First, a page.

Banks are hurtling into the digital revolution in response, in no small part, to the outbreak of Covid-19, a novel coronavirus that originated in China before spreading around the globe. The social distancing measures taken to contain the virus have forced banks to operate without the safety nets of branches, paper and physical proximity to customers. They’re feeling pressure to provide up-to-the-minute information, even as the world is changing by the hour. And they’re grappling with ideas about what it means to be a bank and how best to serve customers in these challenging times.

One way to do so is through APIs, passageways between software systems that facilitate the transfer of data.

APIs make it possible to open and fund new accounts instantly — a way to continue to bring in deposits when people can’t visit a branch. They pull data from call centers and chat conversations into systems that use it to send timely and topical messages to customers. And they enable capabilities like real-time BSA checks — an invaluable tool for banks struggling to process the onslaught of Paycheck Protection Program loans backed by the Small Business Administration.

All those capabilities will still be important once the crisis is over. But by then, thanks to the surge in API adoption, they’ll also be table stakes for banks that want to remain competitive.

In short, there’s never been a better time to explore what APIs can do for your bank, which is the purpose of this FinXTech Intelligence Report, APIs: New Opportunities for Revenue and Efficiency.

The report unpacks APIs — exploring their use cases in banking, and the forces driving adoption of the technology among financial institutions of all sizes. It includes:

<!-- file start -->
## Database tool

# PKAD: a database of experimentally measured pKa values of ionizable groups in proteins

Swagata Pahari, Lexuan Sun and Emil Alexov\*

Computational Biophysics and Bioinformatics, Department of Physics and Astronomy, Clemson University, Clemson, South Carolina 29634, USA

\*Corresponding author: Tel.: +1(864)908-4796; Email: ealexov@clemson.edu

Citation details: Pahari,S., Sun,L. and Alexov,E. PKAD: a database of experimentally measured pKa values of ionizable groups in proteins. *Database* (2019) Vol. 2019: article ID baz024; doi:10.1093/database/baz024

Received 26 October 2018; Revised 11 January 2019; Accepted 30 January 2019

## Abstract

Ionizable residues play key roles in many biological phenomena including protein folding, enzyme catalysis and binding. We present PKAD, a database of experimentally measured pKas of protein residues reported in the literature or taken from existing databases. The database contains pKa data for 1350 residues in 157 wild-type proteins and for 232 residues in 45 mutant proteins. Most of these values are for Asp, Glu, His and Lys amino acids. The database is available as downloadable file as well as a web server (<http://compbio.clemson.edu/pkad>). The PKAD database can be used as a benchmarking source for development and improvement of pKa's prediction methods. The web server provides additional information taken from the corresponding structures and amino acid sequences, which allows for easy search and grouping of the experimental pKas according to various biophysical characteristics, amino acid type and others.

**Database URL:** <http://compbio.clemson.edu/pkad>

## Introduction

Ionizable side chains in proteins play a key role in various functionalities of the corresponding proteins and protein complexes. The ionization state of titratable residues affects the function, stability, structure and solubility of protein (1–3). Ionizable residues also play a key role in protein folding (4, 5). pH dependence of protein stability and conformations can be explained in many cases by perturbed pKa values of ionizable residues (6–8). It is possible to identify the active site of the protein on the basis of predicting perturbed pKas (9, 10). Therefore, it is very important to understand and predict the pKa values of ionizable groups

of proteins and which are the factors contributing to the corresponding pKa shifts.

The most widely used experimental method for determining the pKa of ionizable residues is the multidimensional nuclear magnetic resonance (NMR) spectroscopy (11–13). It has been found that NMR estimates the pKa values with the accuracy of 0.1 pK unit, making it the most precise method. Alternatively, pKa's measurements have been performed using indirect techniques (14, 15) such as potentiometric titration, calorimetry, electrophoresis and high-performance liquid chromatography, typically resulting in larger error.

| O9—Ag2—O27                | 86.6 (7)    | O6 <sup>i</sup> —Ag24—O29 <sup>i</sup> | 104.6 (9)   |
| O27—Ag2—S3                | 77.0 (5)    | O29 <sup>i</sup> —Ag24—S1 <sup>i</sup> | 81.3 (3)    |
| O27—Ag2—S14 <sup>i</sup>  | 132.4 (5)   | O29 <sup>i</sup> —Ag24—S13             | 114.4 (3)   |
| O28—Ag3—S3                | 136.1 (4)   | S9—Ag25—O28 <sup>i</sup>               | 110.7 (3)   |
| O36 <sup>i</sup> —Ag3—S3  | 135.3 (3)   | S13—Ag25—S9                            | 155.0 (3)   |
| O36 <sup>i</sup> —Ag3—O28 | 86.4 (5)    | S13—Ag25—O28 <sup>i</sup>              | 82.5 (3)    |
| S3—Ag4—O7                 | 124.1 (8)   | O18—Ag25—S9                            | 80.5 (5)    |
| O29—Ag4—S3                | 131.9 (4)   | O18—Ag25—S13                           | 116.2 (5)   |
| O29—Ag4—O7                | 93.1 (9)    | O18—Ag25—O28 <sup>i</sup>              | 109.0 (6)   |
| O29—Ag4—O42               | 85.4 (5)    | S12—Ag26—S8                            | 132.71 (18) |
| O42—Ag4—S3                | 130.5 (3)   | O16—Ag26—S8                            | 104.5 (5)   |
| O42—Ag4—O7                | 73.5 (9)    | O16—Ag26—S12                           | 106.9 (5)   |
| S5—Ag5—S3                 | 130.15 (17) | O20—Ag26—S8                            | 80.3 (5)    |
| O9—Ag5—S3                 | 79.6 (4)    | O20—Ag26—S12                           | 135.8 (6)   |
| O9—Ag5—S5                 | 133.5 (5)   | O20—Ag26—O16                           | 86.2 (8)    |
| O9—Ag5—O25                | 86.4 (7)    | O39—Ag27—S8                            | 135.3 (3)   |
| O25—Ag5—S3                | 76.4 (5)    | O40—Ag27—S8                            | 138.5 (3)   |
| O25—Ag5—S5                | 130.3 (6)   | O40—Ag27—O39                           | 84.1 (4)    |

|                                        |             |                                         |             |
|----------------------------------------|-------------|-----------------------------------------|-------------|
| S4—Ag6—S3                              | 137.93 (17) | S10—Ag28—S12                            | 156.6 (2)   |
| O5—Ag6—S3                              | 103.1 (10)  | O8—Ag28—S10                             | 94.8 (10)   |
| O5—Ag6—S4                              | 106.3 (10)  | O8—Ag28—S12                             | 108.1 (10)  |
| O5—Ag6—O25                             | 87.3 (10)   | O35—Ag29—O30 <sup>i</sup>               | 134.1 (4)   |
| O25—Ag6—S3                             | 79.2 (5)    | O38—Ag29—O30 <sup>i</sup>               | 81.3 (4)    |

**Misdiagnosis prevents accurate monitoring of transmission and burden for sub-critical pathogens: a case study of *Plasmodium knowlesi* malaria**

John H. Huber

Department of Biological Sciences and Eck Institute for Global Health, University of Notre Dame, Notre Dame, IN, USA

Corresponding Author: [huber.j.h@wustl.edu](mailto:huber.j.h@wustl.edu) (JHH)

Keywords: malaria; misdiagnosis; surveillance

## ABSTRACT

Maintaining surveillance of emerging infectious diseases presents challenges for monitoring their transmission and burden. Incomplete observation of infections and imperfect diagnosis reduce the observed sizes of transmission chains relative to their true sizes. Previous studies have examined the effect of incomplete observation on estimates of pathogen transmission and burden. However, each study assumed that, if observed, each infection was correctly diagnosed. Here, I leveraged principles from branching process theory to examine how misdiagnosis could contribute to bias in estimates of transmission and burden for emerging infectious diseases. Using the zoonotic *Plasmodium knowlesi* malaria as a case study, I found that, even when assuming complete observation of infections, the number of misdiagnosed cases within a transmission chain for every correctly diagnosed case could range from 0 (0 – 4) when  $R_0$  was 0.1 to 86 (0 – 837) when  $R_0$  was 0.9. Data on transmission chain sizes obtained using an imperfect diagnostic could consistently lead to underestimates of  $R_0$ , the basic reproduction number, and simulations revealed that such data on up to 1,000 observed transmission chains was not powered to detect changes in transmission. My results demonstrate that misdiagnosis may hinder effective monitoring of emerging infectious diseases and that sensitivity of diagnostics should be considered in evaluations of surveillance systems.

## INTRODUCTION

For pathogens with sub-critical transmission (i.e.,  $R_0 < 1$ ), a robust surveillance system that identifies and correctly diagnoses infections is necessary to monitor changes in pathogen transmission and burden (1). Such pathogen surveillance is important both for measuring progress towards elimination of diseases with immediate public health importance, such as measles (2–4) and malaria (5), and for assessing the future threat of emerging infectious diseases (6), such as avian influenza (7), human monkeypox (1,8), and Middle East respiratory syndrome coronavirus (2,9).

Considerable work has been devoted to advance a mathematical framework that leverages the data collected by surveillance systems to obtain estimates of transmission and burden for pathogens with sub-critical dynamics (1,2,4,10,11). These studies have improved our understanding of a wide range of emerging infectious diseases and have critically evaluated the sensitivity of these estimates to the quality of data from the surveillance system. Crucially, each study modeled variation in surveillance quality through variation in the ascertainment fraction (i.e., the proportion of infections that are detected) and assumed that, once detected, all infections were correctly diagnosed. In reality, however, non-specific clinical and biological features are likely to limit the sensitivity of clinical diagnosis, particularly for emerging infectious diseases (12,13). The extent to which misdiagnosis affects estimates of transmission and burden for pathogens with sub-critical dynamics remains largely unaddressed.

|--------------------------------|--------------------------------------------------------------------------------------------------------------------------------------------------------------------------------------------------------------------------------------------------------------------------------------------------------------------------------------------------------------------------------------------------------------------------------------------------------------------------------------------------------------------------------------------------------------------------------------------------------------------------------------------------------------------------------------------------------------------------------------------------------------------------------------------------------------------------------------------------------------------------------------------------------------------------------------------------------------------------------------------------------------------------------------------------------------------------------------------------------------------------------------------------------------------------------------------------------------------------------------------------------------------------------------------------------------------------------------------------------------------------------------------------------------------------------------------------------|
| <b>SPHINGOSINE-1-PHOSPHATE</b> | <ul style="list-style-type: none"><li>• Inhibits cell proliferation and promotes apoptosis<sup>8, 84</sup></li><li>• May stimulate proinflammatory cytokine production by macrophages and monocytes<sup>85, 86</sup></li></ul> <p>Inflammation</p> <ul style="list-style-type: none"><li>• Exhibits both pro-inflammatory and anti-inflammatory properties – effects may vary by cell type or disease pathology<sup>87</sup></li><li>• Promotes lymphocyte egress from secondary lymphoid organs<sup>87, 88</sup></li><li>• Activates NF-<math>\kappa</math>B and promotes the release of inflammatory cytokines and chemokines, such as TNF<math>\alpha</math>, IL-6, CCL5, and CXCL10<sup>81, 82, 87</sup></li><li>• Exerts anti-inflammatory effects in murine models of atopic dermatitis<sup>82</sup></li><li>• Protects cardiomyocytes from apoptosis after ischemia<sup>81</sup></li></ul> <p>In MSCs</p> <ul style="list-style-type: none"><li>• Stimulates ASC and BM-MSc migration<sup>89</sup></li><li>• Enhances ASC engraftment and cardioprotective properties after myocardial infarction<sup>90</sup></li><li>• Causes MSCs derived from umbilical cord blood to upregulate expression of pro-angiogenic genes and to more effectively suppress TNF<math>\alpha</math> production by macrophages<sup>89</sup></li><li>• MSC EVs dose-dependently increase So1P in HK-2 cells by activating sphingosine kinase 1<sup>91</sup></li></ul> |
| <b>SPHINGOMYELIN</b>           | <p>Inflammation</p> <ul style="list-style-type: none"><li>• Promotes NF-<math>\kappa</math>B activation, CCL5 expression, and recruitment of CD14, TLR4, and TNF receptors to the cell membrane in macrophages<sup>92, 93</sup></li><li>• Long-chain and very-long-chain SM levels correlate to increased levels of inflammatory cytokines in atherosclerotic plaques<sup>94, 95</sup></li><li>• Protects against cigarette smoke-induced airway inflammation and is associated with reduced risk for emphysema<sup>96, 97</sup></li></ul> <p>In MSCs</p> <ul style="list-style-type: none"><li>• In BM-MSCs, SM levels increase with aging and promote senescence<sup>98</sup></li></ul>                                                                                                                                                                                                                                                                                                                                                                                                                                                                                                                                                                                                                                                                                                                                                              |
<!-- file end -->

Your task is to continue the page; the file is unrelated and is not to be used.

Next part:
• Five market trends driving the adoption of APIs among banks
  • Actionable API use cases for growing revenue and creating efficiencies
  • A map of the API provider landscape, highlighting the leading companies enabling API transformation
  • An in-depth case study of TAB Bank, which reimagined its data infrastructure with APIs
  • Key considerations for banks developing an API strategy

To learn more, download our FinXTech Intelligence Report, APIs: New Opportunities for Revenue and Efficiency.

Banks Ignore Credit Administration at Their Peril

Not long ago, I asked the CEO of a mid-sized bank how he makes funding decisions when looking to add new technology or software systems. He told me that when it comes to spending money on software, he only listens to two people: the CEOs of other banks, and “Whatever my chief lending officer says.”

The question that immediately popped into my head was, “Why doesn’t the chief credit officer have a say?”

This situation is not unique. For a long time, credit administration has taken somewhat of a back seat when it comes to resource prioritization within banks. But this mindset can be dangerous for banks; if executives don’t give credit administrators the budget they need, it can come back to bite their institutions in several ways. Bankers would be wise to take a second look at how they allocate resources and consider three reasons why credit administration should be a bigger priority.

The resource disparity
It’s not hard to understand why credit administration can sometimes get overlooked. The lending side of the house gets the most investment because it brings in the revenue. When push comes to shove, the money makers are the ones who will receive the most attention from management.

It’s not as if credit administrators have been completely forgotten: Bank CEOs usually understand the importance of managing the loan portfolio. But the group often doesn’t receive funding priority, while it often feels like the lending team has a blank check. Credit administration is just as important as loan production; closing the resource gap can decrease risk and increase efficiency for your bank.